Experience is a great teacher. And in my experience, the beginning has always been tough.

As a BI consultant & trainer, I have worked with various people: from the frontline employees to CEOs. Our interactions gave me great insights into the multiple challenges they face.

I have put together a few pages from my experience and learning; covering Power BI, Excel, Power Query, Power Pivot, Tableau, data analytics & data visualization.

The purpose of the blog is to get you started.

I hope you’ll find them helpful.


CALCULATE is the strongest formula in DAX. The filter arguments of CALCULATE can override any existing filter on the same column. For example, the following measure will always return the revenue for the manager Anil irrespective of filters applied by the table visual on the Manager’s column:

1. Revenue = SUMX(Orders,Orders[Unit Price] * Orders[Order Quantity])

1. Revenue Anil =
3.  [Revenue], 
4.  Customer[Manager] = "Anil"
5. )

DAX translates the above measure as following:

1.  Revenue Anil = 
3.  [Revenue], 
5.      ALL(Customer[Manager]),
6.          Customer[Manager] = "Anil"
7.      )
8. )

It is essentially overriding any external filters applied by the visuals and using its filter (Manager = “Anil”).


If we want this measure to show revenue only when the Manager’s name is Anil in the filter context and blanks for the rest of the managers, then we wrap around the filter argument in the above measure in KEEPFILTERS.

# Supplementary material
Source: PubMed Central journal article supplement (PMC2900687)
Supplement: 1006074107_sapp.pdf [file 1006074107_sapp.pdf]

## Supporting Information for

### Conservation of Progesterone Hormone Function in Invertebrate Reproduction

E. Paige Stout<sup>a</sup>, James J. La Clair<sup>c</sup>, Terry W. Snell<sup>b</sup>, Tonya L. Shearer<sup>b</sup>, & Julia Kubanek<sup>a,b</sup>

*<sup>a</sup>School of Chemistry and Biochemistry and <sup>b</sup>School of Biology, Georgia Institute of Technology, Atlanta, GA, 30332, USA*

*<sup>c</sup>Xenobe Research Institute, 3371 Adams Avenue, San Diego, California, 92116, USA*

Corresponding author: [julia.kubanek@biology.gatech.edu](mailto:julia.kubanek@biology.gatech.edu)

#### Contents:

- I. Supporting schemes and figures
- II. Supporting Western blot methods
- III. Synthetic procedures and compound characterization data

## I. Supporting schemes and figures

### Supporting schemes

1. Revenue Anil KEEPFILTER =
3.  [Revenue],
4.      KEEPFILTERS(Customer[Manager] = "Anil")
5. )


As the name suggests, KEEPFILTERS keeps the existing filter and adds the new filter to the context. It is combining the filters applied by the table visual, and then it further adds the filter of the Manager’s name equals to Anil.

As a result, it returns like an AND condition where it returns a value when it meets both the criteria, otherwise returns blank.

The following measures will help in a better understanding of the KEEPFILTERS:

1. Revenue Anil-Rob KEEPFILTERS = 
3.  [Revenue],
4.      KEEPFILTERS(Customer[Manager] in {"Anil", "Rob"})
5. )


It is returning results where both the filter conditions are matching (visual & measure).

It is different from the following measure:

1. Revenue Anil-Rob = 
3.  [Revenue],
4.      Customer[Manager] in {"Anil", "Rob"}
5. )

The above measure is essentially translated to:

1. Revenue Anil-Rob = 
3.  [Revenue],
5.      ALL(Customer[Manager]) ,
6.          Customer[Manager] = "Anil" || Customer[Manager] = "Rob"
7.      )
8. )


Let us consider creating a measure that returns the revenue of transactions where revenue is greater than 5000. As we do not have any column for revenue in our model, we will use the FILTER function to achieve the objective.

1. Revenue (Large Orders) = 
3.  [Revenue],
4.  FILTER (